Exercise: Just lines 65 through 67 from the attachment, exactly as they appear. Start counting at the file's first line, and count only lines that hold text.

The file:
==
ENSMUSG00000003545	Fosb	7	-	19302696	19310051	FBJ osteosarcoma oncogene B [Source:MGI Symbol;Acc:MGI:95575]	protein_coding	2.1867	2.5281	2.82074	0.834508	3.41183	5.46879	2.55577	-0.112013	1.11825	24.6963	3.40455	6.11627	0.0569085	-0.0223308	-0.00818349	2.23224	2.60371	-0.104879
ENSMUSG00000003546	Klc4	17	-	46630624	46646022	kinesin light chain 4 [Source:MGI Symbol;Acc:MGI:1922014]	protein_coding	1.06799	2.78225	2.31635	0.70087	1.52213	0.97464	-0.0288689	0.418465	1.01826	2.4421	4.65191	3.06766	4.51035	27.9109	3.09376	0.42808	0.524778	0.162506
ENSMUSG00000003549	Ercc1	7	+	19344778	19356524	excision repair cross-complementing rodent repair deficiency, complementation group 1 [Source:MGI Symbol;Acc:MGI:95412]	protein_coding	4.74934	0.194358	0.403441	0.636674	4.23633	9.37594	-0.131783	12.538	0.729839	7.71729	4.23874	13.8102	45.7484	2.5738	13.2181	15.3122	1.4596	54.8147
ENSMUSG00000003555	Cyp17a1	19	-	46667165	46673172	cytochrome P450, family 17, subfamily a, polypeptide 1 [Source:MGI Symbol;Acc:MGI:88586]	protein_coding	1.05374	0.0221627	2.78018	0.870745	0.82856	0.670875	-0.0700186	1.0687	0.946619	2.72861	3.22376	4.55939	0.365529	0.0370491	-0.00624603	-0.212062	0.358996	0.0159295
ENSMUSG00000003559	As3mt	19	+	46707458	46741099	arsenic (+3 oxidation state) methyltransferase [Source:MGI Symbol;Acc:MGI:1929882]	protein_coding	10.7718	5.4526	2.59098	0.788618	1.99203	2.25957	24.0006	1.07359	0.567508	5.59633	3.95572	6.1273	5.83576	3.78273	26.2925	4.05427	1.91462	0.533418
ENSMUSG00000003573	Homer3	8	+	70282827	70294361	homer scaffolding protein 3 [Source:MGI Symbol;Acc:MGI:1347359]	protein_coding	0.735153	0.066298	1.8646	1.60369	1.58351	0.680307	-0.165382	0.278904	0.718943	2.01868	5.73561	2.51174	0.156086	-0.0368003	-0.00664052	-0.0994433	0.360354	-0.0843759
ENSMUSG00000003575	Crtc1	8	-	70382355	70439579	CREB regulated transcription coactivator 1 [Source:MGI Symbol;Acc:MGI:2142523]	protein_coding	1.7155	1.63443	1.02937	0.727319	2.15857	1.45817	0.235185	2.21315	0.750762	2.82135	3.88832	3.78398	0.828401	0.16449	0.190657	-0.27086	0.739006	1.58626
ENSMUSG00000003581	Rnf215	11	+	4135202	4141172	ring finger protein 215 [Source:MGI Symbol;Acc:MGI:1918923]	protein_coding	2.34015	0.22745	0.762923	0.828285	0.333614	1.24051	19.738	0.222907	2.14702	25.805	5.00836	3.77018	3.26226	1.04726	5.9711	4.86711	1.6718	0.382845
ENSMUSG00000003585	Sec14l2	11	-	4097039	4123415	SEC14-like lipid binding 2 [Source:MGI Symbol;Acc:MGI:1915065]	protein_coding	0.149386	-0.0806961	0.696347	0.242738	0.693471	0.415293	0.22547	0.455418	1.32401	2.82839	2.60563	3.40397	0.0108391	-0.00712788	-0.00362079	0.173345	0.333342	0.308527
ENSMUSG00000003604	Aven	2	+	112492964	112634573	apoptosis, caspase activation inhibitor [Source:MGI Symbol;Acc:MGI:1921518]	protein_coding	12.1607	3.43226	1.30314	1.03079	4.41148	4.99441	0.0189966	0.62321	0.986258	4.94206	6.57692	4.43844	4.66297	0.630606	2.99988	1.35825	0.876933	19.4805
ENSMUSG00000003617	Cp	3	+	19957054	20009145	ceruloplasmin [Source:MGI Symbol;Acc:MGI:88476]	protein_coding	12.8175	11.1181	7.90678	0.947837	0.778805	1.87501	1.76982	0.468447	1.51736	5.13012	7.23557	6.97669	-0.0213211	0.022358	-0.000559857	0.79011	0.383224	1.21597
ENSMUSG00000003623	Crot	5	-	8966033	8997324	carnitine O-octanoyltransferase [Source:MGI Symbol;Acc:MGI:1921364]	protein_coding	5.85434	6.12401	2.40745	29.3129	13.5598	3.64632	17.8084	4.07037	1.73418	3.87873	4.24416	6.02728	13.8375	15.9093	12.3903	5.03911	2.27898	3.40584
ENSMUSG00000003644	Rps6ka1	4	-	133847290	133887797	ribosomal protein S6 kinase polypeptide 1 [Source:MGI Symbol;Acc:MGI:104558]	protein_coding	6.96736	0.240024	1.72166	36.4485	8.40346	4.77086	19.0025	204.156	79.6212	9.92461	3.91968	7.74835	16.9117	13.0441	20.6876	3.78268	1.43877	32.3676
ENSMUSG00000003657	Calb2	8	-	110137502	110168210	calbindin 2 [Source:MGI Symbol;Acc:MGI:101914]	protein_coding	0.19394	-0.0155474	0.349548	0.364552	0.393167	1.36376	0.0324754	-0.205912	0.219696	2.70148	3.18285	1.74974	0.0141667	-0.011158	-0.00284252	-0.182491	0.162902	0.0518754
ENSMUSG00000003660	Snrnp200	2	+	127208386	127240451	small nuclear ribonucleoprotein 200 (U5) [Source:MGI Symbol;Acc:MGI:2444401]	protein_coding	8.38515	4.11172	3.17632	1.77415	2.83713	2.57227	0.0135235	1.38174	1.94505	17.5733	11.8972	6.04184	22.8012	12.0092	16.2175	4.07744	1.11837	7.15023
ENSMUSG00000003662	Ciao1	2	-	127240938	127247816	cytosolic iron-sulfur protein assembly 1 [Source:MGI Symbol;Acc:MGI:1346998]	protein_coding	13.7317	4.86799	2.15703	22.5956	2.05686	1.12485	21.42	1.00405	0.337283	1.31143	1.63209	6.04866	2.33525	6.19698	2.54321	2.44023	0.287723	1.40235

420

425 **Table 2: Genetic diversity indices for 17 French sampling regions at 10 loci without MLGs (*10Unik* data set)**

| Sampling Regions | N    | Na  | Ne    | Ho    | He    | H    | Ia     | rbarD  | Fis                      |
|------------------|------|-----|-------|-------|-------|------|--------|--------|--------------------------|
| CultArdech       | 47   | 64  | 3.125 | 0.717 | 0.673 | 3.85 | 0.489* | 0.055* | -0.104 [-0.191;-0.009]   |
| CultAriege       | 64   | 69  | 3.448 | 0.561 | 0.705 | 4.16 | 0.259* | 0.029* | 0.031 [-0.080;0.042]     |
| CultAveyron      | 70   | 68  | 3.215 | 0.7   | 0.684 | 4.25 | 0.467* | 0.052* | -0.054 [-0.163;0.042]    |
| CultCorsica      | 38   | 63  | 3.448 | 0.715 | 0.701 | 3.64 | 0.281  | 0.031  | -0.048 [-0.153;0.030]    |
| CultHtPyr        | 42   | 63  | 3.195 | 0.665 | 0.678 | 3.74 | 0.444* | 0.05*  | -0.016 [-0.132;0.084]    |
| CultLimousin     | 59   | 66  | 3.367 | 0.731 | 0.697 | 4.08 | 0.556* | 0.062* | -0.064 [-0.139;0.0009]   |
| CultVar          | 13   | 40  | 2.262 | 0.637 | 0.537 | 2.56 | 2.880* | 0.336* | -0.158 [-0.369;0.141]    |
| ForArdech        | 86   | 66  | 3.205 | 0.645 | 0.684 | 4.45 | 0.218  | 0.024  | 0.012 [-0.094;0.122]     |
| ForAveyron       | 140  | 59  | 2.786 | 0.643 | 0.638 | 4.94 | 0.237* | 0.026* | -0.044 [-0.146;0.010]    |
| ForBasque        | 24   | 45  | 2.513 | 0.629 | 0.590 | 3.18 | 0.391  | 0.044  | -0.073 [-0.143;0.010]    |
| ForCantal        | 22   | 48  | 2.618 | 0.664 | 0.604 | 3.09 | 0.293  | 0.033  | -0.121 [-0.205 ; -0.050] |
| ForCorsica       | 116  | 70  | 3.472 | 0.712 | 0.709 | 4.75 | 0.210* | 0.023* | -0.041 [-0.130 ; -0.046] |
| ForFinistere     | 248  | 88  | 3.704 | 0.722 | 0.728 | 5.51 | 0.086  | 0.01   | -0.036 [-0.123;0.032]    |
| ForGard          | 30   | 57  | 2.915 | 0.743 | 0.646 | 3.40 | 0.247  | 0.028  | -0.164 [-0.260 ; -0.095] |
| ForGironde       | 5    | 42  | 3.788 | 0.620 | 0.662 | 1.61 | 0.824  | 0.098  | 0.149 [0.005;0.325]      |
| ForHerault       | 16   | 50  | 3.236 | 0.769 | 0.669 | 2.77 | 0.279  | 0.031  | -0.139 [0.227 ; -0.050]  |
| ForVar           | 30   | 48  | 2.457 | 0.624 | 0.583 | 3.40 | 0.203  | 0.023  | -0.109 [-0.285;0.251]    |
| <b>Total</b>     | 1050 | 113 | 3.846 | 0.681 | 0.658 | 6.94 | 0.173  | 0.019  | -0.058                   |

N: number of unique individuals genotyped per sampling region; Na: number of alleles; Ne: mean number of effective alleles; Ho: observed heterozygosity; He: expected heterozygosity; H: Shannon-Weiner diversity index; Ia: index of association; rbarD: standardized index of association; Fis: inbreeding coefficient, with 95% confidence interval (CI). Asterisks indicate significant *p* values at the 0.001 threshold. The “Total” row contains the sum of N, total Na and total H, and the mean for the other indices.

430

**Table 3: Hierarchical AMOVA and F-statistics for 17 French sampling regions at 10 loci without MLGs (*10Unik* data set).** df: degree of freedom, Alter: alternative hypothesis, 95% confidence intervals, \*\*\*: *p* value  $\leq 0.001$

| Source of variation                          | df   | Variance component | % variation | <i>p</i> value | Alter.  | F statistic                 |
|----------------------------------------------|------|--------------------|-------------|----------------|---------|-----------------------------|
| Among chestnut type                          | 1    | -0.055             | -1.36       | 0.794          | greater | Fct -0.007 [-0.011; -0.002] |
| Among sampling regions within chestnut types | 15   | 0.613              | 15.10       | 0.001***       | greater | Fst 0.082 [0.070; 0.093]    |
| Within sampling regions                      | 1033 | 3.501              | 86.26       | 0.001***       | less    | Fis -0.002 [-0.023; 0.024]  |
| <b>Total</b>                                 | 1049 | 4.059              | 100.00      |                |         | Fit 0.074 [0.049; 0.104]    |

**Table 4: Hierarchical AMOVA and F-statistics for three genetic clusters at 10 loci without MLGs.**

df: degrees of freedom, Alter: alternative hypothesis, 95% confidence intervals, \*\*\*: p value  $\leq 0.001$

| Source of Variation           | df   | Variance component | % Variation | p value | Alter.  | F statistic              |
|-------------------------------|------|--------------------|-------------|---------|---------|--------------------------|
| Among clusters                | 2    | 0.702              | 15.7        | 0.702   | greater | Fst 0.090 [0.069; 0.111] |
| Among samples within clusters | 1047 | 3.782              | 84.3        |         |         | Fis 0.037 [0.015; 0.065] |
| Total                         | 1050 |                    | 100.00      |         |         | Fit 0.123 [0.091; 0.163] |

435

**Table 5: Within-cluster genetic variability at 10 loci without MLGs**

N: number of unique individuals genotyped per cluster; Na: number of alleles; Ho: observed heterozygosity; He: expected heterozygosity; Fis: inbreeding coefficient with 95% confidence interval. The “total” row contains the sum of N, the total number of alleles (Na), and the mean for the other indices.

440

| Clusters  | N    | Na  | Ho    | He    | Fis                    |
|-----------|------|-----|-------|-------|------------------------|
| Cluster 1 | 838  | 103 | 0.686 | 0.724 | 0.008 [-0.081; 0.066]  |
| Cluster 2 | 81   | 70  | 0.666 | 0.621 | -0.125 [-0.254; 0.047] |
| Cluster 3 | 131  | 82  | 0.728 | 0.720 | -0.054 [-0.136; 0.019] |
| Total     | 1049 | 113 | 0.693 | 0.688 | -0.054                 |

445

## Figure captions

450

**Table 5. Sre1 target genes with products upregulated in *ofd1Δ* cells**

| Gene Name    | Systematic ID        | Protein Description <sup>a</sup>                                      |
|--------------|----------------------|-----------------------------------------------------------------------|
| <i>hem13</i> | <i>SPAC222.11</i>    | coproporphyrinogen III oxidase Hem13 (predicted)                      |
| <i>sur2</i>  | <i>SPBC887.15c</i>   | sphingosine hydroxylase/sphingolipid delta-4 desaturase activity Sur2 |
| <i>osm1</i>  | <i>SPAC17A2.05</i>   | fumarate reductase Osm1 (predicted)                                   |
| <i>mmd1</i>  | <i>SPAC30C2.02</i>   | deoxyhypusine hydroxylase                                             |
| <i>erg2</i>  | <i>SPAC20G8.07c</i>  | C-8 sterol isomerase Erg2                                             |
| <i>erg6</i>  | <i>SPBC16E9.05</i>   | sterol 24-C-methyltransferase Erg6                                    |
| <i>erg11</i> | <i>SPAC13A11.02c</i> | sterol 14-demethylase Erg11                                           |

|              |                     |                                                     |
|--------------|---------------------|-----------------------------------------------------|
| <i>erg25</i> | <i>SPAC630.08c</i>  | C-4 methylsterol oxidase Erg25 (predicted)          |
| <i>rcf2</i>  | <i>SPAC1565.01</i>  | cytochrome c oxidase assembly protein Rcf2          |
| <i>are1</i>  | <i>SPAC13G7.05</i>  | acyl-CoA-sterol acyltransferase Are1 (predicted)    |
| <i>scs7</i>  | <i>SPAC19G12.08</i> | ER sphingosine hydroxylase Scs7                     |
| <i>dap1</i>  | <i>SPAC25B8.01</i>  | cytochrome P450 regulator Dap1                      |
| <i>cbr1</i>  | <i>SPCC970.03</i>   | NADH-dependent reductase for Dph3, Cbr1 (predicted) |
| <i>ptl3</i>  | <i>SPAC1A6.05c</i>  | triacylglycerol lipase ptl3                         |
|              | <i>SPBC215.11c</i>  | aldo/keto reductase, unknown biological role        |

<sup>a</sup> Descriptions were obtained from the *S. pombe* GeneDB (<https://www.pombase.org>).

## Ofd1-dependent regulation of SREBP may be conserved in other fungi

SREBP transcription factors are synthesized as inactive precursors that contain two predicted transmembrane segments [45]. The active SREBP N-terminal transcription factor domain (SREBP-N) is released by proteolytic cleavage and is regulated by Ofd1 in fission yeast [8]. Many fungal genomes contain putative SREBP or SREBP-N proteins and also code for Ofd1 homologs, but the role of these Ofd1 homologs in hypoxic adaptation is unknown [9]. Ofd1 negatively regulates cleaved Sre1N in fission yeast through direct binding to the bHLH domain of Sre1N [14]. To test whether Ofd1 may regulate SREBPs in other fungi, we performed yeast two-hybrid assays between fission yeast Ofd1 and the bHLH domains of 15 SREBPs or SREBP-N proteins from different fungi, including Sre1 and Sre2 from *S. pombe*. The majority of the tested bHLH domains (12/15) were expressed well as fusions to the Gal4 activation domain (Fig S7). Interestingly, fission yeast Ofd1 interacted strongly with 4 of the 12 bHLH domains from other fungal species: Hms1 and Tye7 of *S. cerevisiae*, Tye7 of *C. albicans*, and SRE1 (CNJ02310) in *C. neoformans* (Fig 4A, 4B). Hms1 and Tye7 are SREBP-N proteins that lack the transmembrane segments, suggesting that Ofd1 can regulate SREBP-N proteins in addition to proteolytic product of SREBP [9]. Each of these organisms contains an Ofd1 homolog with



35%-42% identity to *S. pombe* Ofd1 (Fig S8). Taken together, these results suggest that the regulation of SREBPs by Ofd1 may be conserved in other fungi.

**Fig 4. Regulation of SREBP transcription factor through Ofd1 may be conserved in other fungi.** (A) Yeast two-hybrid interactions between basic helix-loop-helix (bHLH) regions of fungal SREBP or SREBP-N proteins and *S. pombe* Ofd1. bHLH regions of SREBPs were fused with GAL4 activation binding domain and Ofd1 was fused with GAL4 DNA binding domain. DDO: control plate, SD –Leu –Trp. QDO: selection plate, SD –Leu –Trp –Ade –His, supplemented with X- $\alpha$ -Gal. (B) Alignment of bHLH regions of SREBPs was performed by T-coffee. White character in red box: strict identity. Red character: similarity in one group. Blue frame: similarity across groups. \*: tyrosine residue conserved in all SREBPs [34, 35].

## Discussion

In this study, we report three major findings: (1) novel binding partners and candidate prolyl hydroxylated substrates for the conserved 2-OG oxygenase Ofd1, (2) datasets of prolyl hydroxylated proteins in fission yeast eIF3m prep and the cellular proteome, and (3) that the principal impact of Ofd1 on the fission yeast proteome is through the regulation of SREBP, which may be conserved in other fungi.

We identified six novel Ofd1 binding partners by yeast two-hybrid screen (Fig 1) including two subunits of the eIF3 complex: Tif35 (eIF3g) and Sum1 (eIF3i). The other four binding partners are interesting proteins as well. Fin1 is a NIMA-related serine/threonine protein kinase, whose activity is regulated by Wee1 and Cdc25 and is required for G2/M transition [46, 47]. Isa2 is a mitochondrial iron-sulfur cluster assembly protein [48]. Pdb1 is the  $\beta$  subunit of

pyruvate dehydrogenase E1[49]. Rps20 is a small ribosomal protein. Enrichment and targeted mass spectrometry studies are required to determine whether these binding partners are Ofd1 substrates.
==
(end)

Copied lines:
445

## Figure captions

450